Tuesday, the troubled cryptocurrency loan platform Celsius filed a countersuit against Jason Stone and his firm KeyFi in the United States Bankruptcy Court. In the complaint, Celsius asserts that Stone misrepresented himself as a pioneer and specialist in currency staking and decentralized finance (DeFi) investments.

“Unfortunately, Defendants Stone and KeyFi, Stone’s majority-owned corporate vehicle, were unable to successfully deploy coins and seem to have lost thousands of Celsius coins due to egregious mismanagement,” claims Celsius. “However, the Defendants were not only stupid but were thieves.”

The Celsius countersuit argues that Stone and KeyFi transferred millions of dollars worth of coins from Celsius-controlled wallets to their own wallets. The lawsuit also says that Stone purchased hundreds of NFTs using Celsius currencies and sent them to their own wallets.

Non-fungible tokens, or NFTs, are cryptographically unique tokens that provide evidence of ownership for digital (and occasionally physical) material.

Stone and/or KeyFi seem to have used Celsius coins to buy stakes in a number of blockchain-related firms and platforms, which they continue to possess illegally, according to the counterclaim.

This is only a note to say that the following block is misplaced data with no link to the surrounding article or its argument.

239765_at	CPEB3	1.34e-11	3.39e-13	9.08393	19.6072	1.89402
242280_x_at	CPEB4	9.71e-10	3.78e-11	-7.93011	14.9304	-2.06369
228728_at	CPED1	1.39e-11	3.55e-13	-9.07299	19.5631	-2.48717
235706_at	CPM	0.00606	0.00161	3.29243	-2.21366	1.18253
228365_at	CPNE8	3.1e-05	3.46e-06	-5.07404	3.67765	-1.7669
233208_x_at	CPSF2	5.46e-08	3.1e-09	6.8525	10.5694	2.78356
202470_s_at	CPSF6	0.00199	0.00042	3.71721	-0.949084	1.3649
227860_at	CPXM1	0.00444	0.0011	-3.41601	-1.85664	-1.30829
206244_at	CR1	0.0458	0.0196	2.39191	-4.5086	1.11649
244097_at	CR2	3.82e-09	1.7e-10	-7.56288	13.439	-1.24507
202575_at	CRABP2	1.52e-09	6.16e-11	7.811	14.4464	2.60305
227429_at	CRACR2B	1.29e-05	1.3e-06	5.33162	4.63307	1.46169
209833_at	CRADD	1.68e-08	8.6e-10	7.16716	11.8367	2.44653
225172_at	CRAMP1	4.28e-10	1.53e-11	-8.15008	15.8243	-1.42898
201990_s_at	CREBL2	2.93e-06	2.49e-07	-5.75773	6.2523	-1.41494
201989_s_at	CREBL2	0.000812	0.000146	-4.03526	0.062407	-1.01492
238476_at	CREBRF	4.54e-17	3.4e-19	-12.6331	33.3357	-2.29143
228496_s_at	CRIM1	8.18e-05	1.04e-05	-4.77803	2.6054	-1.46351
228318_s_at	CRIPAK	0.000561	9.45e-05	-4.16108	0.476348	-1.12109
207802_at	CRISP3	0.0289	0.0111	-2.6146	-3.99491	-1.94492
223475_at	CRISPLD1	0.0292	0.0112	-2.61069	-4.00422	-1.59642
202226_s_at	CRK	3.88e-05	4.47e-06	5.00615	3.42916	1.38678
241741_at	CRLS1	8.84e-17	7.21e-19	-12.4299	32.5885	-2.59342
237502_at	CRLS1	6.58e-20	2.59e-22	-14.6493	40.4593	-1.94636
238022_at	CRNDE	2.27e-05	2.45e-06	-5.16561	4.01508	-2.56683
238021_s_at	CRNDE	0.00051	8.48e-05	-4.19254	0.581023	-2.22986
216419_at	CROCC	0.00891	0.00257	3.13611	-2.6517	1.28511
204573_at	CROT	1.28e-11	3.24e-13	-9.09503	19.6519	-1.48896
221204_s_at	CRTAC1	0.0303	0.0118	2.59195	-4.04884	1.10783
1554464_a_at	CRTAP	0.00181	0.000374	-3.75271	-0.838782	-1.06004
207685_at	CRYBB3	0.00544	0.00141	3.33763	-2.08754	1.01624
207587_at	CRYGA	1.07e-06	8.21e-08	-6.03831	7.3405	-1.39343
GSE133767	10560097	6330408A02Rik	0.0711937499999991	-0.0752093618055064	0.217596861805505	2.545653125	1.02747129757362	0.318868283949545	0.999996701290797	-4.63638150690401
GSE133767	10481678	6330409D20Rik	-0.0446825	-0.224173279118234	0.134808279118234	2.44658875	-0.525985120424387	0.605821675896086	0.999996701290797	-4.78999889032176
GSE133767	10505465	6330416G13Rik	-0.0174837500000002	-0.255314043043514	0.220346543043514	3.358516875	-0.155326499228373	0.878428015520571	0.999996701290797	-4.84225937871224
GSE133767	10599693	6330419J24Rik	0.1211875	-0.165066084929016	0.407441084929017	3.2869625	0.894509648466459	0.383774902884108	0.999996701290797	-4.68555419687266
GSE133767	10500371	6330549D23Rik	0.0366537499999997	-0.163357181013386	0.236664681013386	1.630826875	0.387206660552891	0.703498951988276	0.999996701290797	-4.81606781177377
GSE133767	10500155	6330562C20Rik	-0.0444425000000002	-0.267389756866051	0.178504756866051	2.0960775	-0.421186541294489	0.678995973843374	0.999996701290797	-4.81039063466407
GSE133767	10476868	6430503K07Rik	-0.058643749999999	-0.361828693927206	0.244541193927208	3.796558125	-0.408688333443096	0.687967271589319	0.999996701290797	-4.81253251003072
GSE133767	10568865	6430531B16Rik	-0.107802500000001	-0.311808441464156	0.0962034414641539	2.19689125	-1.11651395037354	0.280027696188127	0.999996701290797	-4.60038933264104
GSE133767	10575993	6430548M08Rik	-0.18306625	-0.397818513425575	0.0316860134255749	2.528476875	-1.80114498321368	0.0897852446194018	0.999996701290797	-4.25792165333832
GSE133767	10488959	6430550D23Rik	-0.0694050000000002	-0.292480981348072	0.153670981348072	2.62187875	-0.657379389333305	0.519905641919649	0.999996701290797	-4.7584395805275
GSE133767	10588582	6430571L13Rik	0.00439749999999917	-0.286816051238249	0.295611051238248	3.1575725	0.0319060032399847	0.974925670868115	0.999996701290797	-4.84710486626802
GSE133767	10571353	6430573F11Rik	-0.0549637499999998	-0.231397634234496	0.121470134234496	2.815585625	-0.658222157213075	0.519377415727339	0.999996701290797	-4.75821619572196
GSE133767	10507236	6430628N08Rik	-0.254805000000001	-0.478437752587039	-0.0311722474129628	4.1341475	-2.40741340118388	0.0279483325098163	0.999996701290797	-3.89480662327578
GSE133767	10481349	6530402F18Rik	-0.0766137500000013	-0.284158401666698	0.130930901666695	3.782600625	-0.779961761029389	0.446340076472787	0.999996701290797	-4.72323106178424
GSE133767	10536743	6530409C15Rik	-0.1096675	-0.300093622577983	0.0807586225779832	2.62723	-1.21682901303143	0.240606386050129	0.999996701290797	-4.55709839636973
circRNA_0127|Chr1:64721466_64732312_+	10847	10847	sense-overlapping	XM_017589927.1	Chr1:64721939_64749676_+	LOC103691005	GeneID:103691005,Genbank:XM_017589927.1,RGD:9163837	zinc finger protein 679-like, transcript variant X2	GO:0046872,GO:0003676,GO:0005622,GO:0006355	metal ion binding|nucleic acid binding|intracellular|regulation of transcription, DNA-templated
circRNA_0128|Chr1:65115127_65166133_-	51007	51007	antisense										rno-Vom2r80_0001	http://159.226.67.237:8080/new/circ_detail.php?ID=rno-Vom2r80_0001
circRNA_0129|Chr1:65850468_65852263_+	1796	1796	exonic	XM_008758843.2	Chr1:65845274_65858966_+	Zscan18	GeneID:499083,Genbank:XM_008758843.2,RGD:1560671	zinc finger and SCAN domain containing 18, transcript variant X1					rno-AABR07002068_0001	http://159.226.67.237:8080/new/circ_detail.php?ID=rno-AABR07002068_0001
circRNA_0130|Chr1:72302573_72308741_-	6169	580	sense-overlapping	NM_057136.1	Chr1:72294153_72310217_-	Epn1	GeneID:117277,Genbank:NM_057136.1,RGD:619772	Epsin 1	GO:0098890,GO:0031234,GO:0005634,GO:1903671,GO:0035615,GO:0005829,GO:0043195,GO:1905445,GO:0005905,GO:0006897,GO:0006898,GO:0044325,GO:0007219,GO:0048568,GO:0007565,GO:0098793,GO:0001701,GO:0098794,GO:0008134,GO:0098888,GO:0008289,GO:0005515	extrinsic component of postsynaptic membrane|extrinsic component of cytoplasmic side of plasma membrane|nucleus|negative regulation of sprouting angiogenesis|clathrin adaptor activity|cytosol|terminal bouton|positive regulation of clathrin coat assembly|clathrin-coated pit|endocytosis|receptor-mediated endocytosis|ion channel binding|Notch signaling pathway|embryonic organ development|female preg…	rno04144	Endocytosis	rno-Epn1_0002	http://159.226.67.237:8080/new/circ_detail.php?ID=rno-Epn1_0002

Stone, whose KeyFi was bought by Celsius in 2020, filed a lawsuit against Celsius in July 2020 for allegedly refusing to respect the agreement. In the case, KeyFi argues that Celsius exploited client money to “manipulate crypto asset markets, failed to implement fundamental accounting controls that put these deposits at risk, and failed to fulfill its obligations.”

In the same month, Celsius filed for Chapter 11 bankruptcy protection, one month after ceasing all client withdrawals and swaps, alleging liquidity difficulties that prompted authorities in Alabama, Kentucky, New Jersey, Texas, and Washington to launch investigations.

Celsius further says that Stone used the authorized Tornado Cash mixing service to conceal the origin, destination, and counterparties of his transactions. In September 2021, Stone allegedly wired $1.4 million using Tornado Cash.

In the counterclaim, Celsius requested that the court grant numerous demands, including the return of “withheld property” that may have gotten into the hands of the defendants. Damages are awarded, including for what Celsius describes as “[KeyFi and Stone’s] intentional and malicious behavior.”

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